Greg Maddux: Cooperstown in 2014 Is The Professor's Next Stop
Throughout his illustrious 23-year career Greg Maddux earned the nickname "The Professor". Remembering Bob Costas, Joe Morgan and Bob Uecker mentioning it during the NBC Telecast of the 1995 World Series should have been enough vindication.
I'm going to go one step further and mention a piece of recent history, and tie it in to Greg Maddux.
Not two years ago, Orioles SS Cal Ripken, Jr. and Padres OF Tony Gwynn were elected into the Hall of Fame, earning greater than 95 percent of the vote in their first time on the ballot.
Many questioned at the time how any sportswriter who voted could possibly not vote for one or both of these players who'd played 20 years with the same team, and accumulated statistics in numerous categories that put them at or near the top of the baseball record books and were ambassadors for the game in the process.
The lame excuse that some of these idiotic sportswriters, including one from the Daily Southtown in Chicago, made was that no one had ever gotten 100 percent of the vote, let alone on the first ballot.
Doing so for Ripken and or Gwynn would make it seem they were better than Babe Ruth, Henry Aaron or the current top percentage vote getter in Tom Seaver.
Any writer who doesn't think Greg Maddux deserves to be in the Hall of Fame in 2014 should be fired. Period.
I don't care that Cy Young, Walter Johnson, Babe Ruth, Willie Mays, Mickey Mantle, etc never got 100 percent of the vote. Should they have? I'd say yes.
But those votes are years in the past and the writers who didn't vote them in on the first ballot, if they're still alive, should be ashamed and embarrassed for not checking a box on an all-time great.
If Maddux doesn't get every single vote in five years—it will be an outrage.
As Tim Kurkjian so eloquently pointed out, Maddux has the third most wins of any pitcher whose careers started after 1900, behind only Warren Spahn and Walter Johnson. He has 18 Gold Gloves, not just a record for pitchers, but for any position, including 13 in a row.
The only pitchers of Maddux's generation who come even close to matching his entire body of work are his teammates (John Smoltz and Tom Glavine), Roger Clemens, and possibly Randy Johnson. Clemens and Johnson might have more Cy Young awards, Glavine has more 20-win seasons, but the mark of amazing consistency and control is what makes him unique.
In the light of the Mitchell Report last year, Maddux's accomplishments are even more dignified based on the hitters he was facing, his lack of physical stature (6', 180 lbs) and that the closest contemporary (Roger Clemens) by every piece of circumstantial evidence and testimony that has been made public, cheated to reach the same level of achievement that Maddux did without performance-enhancing drugs.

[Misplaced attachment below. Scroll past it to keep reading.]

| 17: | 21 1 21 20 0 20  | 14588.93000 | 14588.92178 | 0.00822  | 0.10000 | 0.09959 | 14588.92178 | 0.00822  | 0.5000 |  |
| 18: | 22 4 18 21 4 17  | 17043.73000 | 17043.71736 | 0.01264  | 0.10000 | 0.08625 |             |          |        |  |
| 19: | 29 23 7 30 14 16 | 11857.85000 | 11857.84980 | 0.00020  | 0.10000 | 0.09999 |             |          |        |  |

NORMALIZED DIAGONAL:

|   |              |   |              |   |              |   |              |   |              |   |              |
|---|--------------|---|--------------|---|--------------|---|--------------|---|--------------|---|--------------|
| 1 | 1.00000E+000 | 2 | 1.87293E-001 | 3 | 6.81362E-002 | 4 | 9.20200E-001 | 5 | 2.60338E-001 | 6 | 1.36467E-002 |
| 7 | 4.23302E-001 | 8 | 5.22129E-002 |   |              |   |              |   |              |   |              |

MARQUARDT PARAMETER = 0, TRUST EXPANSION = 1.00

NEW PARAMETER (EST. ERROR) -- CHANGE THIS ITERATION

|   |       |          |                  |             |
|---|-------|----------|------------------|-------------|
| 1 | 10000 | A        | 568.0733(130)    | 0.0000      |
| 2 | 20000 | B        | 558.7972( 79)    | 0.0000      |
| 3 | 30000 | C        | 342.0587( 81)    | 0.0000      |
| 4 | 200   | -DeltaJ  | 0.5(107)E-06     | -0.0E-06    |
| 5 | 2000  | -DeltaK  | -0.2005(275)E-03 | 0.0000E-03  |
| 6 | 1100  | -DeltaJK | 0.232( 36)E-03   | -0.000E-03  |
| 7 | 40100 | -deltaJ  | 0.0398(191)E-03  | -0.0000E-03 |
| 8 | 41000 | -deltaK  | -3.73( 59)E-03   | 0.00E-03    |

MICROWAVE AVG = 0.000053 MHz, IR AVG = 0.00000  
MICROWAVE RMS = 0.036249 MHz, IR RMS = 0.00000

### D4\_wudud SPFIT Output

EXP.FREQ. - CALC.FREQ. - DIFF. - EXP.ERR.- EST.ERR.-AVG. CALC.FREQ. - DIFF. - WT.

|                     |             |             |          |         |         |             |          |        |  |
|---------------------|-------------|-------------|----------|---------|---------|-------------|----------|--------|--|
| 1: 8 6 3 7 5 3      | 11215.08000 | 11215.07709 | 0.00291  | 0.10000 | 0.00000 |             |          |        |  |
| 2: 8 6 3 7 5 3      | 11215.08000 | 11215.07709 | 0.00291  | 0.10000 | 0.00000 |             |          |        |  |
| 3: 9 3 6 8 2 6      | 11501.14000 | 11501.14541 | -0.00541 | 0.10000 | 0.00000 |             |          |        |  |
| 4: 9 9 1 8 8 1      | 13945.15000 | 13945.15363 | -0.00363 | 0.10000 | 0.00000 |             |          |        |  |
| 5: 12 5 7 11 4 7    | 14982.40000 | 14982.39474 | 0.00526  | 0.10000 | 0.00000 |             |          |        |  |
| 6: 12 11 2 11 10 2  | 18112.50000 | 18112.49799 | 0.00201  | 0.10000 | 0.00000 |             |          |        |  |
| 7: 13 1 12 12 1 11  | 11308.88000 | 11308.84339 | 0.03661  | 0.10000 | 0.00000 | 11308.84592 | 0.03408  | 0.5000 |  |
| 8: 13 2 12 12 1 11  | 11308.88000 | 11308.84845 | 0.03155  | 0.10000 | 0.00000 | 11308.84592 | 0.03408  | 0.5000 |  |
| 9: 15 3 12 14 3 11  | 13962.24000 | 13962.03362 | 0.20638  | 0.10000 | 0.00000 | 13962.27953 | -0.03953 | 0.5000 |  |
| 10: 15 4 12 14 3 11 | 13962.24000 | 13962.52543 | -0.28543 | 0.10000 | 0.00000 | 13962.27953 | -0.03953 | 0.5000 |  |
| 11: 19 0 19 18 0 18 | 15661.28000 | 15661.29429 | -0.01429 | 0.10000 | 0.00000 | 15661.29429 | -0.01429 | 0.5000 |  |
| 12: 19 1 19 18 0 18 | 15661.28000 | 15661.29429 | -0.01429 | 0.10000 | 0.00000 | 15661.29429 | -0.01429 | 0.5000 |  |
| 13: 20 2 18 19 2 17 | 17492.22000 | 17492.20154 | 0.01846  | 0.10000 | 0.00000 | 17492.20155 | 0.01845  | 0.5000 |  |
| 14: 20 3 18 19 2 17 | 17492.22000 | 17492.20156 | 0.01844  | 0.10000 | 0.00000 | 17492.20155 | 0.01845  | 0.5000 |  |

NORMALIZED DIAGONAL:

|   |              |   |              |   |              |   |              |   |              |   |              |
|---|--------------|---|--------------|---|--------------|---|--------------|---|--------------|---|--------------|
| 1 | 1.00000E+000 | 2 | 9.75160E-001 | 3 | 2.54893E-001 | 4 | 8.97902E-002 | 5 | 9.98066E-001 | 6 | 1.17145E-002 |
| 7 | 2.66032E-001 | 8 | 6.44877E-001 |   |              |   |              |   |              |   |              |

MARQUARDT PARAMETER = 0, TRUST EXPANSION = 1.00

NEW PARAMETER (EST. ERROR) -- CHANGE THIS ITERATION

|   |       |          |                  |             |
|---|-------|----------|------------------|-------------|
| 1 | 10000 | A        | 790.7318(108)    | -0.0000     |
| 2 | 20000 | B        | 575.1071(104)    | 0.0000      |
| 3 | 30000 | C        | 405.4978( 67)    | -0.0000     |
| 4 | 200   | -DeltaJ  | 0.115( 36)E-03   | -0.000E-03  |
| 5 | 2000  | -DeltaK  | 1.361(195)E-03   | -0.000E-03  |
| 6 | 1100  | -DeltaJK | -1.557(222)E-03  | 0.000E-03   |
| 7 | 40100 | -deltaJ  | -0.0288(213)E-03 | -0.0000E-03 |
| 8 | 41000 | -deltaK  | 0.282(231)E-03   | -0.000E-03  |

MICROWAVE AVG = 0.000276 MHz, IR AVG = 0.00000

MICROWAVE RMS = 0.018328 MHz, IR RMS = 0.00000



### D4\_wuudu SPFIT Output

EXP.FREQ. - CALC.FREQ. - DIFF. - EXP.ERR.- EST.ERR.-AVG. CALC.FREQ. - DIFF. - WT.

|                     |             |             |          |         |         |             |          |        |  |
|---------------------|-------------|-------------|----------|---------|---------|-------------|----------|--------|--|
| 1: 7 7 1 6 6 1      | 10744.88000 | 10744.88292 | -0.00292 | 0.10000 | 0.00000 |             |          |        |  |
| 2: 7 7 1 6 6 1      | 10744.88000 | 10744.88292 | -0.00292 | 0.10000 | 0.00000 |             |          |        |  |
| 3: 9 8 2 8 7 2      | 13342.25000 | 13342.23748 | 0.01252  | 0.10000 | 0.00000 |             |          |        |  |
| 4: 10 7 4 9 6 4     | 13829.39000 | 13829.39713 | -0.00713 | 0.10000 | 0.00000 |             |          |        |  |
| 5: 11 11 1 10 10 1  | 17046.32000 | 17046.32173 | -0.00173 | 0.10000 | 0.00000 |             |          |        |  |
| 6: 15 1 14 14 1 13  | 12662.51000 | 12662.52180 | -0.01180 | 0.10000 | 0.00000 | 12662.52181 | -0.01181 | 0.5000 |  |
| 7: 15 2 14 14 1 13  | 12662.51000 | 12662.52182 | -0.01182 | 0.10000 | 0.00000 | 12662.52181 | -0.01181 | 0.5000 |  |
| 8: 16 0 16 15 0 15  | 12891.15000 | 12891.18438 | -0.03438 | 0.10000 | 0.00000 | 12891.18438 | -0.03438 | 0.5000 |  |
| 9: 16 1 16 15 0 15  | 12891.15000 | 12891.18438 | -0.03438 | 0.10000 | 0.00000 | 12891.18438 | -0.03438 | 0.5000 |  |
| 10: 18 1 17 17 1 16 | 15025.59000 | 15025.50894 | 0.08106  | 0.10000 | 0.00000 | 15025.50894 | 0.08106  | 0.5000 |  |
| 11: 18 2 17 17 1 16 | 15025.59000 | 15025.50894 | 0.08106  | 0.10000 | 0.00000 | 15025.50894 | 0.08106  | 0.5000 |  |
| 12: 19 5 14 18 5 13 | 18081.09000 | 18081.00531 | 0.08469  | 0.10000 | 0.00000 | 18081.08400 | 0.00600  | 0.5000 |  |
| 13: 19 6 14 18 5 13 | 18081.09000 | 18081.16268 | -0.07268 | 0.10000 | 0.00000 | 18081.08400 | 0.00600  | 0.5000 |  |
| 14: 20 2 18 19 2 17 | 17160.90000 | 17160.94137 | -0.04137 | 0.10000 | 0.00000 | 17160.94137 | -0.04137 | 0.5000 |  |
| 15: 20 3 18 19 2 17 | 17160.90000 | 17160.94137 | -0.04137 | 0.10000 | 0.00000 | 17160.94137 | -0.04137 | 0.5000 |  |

Then we look at the numbers: 355-227, 3.16 ERA, 3371 K. 740 games started and 109 of them finished. He had 30+ shutouts and only 999 walks issued in 23 seasons.
Four straight Cy Young Awards (1992-1995), 18 Gold Gloves, and a career ERA in postseason of 3.31 shows that the 11-14 record he had in the postseason wasn't entirely the result of him not pitching well.
In his prime, Maddux may have had the best two-season stretch of anyone since World War II. His 1994 and 1995 seasons were unheard of by today's standards, as he went 16-6, 1.56 ERA in 1994 and 19-2, 1.63 ERA in 1995—both strike-shortened seasons.
Despite having fewer than 30 starts in each of those seasons, each of those two years he pitched over 200 innings, had 10 complete games and three shutouts. The only pitcher still on the mound today who could come close to saying that is Roy Halladay.
He followed up that stellar 1995 regular season with a fine showing in the playoffs, going 3-1 with a 2.84 ERA in five post-season starts as the Braves won their only World Series in Atlanta.
Maddux's physical stature was not one that would make it to the majors today. Many scouts would say he's too short, not strong enough and doesn't throw hard enough. Even in his prime, a Maddux fastball would top out about 91 MPH. He had a great curveball, but he hardly ever threw it.
He made his living on that outside corner with a cut fastball that had so many left-handed hitters raising their arms just in time to see it tail from being inside to cutting right over the black as the ump called strike three.
His arm action was so deceptive, that he was a master at getting hitters off balance to total 419 GIDP over his career.
His 2.32 Ground to Fly Ball Ratio showed his talents at keeping hitters off balance as much or more than the fact that he got 66 more hitters to hit into double plays than hit homeruns (353) over 23 years.
The records and statistics speak for themselves. There isn't a fan of the Cubs, Braves, Padres, Dodgers or any other team who has any sense of baseball history to argue the fact that Greg Maddux deserves to get every vote for the Hall of Fame when he's eligible.
For anyone who disagrees—go read this list of stories and then try to tell me or anyone else he doesn't deserve every single vote in 2014.
Greg—like you've done so many times to the fans, we tip our cap to you.
Congratulations on an absolutely stellar career.
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